The excellence of the courses and their scientific and social value is acknowledged throughout the neurosurgical community, and the current committee would like to acknowledge the tremendous part played by the founders, past chairmen of the Training Committee and previous Executive Administrator, Stephanie Garfield-Birkbeck, in bringing this about.
AOSpine has compiled a comprehensive list of available fellowships. Please visit https://aospine.aofoundation.org/Structure/education/spine-centers/Pages/spine-centers.aspx for more information.
The Brain Prize
The Brain Prize of €1 million is awarded annually.
The Prize recognizes highly original and influential advances in research on the nervous system. If several researchers have contributed significantly to this achievement, more than one individual may receive the Prize. Nominees can be of any nationality but the research for which they are nominated must have been conducted in Europe or in collaboration with researchers in Europe. More information available on www.thebrainprize.org.
Fellowships in Portugal
The Portuguese Society of Neurosurgery is offering a number of clinical fellowships in accredited training programmes, lasting from six months to two years.
Further information is available from the SPNC firstname.lastname@example.org or www.spnc.pt
The AANS also offer a range of fellowships.
Pain and Spine Fellowship
Scott & White Neuroscience Institute
The comprehensive Pain & Spine Fellowship at Scott & White is designed to provide educational experience in spinal and pain pathology to a graduate of a Neurosurgery training program or senior neurosurgery resident. Clinical and research experiences will be included. Both US and International candidates will be considered.
Contact: Vasilios A. Zerris, MD, MPH
Cervical Spine Research Society – European Section Research Grant
The Cervical Spine Research Society is a multidisciplinary organization that provides a forum for the exchange of ideas and promotes clinical and basic science research of the cervical spine. The organization values collegial interaction and strong scientific principles.
To faciliate research in the field of cervical spine the Cervical Spine Research Society – European Section (CSRS-ES) has the opportunity to offer € 25.000,- annually to research projects.
European Board Examination in Neurological Surgery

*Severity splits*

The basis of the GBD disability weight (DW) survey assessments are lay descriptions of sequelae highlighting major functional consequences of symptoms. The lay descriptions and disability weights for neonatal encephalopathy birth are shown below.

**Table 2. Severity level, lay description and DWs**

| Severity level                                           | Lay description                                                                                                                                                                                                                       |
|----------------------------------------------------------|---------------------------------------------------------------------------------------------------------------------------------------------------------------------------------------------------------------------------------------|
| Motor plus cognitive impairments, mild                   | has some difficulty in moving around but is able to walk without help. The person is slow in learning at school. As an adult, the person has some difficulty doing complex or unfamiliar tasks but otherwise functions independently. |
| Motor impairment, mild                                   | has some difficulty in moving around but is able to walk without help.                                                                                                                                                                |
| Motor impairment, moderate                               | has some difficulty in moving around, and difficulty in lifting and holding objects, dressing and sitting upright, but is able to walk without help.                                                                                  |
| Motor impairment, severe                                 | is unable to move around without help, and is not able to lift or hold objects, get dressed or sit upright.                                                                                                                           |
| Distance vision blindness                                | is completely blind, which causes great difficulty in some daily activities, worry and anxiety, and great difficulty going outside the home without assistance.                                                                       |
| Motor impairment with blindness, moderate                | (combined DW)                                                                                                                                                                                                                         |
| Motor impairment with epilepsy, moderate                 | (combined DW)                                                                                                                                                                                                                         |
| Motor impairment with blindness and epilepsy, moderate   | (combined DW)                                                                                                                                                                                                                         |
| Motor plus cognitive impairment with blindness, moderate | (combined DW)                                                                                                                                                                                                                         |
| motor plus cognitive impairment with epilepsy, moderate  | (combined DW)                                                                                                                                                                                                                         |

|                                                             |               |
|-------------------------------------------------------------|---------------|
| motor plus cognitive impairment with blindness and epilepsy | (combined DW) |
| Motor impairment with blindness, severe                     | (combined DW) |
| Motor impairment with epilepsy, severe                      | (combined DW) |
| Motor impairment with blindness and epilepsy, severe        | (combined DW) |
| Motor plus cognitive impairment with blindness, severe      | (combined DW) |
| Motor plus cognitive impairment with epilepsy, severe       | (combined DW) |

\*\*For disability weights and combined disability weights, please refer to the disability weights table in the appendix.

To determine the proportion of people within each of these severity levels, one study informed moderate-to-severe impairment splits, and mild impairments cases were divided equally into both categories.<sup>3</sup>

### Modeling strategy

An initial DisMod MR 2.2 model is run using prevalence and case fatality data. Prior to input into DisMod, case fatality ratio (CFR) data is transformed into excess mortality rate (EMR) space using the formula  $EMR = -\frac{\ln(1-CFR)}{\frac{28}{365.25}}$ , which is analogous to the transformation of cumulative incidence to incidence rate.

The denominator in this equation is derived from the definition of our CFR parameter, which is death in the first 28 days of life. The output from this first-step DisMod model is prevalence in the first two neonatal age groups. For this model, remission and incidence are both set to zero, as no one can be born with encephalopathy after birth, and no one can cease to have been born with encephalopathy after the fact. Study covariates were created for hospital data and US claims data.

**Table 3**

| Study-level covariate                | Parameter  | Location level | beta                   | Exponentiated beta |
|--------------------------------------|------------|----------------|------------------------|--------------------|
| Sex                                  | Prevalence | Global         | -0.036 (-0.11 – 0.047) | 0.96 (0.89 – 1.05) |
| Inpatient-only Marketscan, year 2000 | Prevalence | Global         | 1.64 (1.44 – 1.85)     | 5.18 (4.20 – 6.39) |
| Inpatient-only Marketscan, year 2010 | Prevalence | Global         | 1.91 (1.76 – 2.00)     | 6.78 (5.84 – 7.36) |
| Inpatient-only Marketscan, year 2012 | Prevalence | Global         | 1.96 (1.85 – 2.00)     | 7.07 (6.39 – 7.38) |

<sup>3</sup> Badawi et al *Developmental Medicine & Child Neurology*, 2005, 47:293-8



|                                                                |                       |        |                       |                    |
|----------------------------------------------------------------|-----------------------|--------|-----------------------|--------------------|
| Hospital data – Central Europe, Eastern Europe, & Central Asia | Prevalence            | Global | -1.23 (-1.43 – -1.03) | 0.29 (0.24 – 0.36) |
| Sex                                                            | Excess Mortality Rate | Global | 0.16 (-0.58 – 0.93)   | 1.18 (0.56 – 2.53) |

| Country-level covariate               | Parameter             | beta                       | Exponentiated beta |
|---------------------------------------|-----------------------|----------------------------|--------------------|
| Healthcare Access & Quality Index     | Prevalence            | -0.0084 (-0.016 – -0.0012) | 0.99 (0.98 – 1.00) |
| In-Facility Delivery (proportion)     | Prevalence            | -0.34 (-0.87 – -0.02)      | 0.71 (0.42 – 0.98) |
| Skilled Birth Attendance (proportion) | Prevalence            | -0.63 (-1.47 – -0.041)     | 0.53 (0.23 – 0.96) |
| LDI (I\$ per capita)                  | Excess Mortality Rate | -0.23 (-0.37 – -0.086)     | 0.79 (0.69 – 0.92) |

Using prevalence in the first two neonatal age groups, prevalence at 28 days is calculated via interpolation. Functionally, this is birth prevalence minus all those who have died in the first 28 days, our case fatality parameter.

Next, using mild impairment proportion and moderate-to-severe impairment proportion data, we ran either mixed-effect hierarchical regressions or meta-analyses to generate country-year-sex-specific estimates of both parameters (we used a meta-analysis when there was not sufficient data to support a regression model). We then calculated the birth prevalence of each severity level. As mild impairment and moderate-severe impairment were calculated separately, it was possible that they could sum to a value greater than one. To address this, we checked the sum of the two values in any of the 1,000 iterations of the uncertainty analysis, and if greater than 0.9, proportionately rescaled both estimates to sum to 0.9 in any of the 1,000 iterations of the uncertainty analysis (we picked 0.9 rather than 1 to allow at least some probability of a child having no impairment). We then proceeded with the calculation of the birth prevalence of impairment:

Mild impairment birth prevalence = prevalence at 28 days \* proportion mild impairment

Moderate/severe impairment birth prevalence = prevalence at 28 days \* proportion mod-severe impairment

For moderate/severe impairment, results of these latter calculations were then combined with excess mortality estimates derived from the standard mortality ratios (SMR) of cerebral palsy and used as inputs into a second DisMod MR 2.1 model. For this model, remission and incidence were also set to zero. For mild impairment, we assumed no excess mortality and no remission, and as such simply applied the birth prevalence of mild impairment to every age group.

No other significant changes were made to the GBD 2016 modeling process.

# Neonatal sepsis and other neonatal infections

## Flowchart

see European Board Examination in Neurological Surgery.
European Association of Neurosurgical Societies
see European Association of Neurosurgical Societies.
Working Time directive
The introduction of the European Working Time directive 2003/88/EC has led to a reduction of the working hours with distinct impact on the clinical and surgical activity of neurosurgical residents in training.
A survey was performed among European neurosurgical residents between 06/2014 and 03/2015. Multiple logistic regression was used to assess the relationship between responder-specific variables (e.g., age, gender, country, postgraduate year (PGY)) and outcome (e.g., working time).
A total of 652 responses were collected, of which n = 532 responses were taken into consideration. In total, 17.5, 22.1, 29.5, 19.5, 5.9, and 5.5 % of European residents indicated to work <40, 40-50, 51-60, 61-70, 71-80, or >80 h/week, respectively. Residents from France and Turkey (OR 4.72, 95 % CI 1.29-17.17, p = 0.019) and Germany (OR 2.06, 95 % CI 1.15-3.67, p = 0.014) were more likely to work >60 h/week than residents from other European countries. In total, 29 % of European residents were satisfied with their current working time, 11.3 % indicated to prefer reduced working time. More than half (55 %) would prefer to work more hours/week if this would improve their clinical education. Residents that rated their operative exposure as insufficient were 2.3 times as likely as others to be willing to work more hours (OR 2.32, 95 % CI 1.47-3.70, p < 0.001). Less than every fifth European resident spends >50 % of his/her working time in the operating room. By contrast, 77.4 % indicate to devote >25 % of their daily working time to administrative work. For every advanced PGY, the likelihood to spend >50 % of the working time in the OR increases by 19 % (OR 1.19, 95 % CI 1.02-1.40, p = 0.024) and the likelihood to spend >50 % of the working time with administrative work decreases by 18 % (OR 0.84, 95 % CI 0.76-0.94, p = 0.002).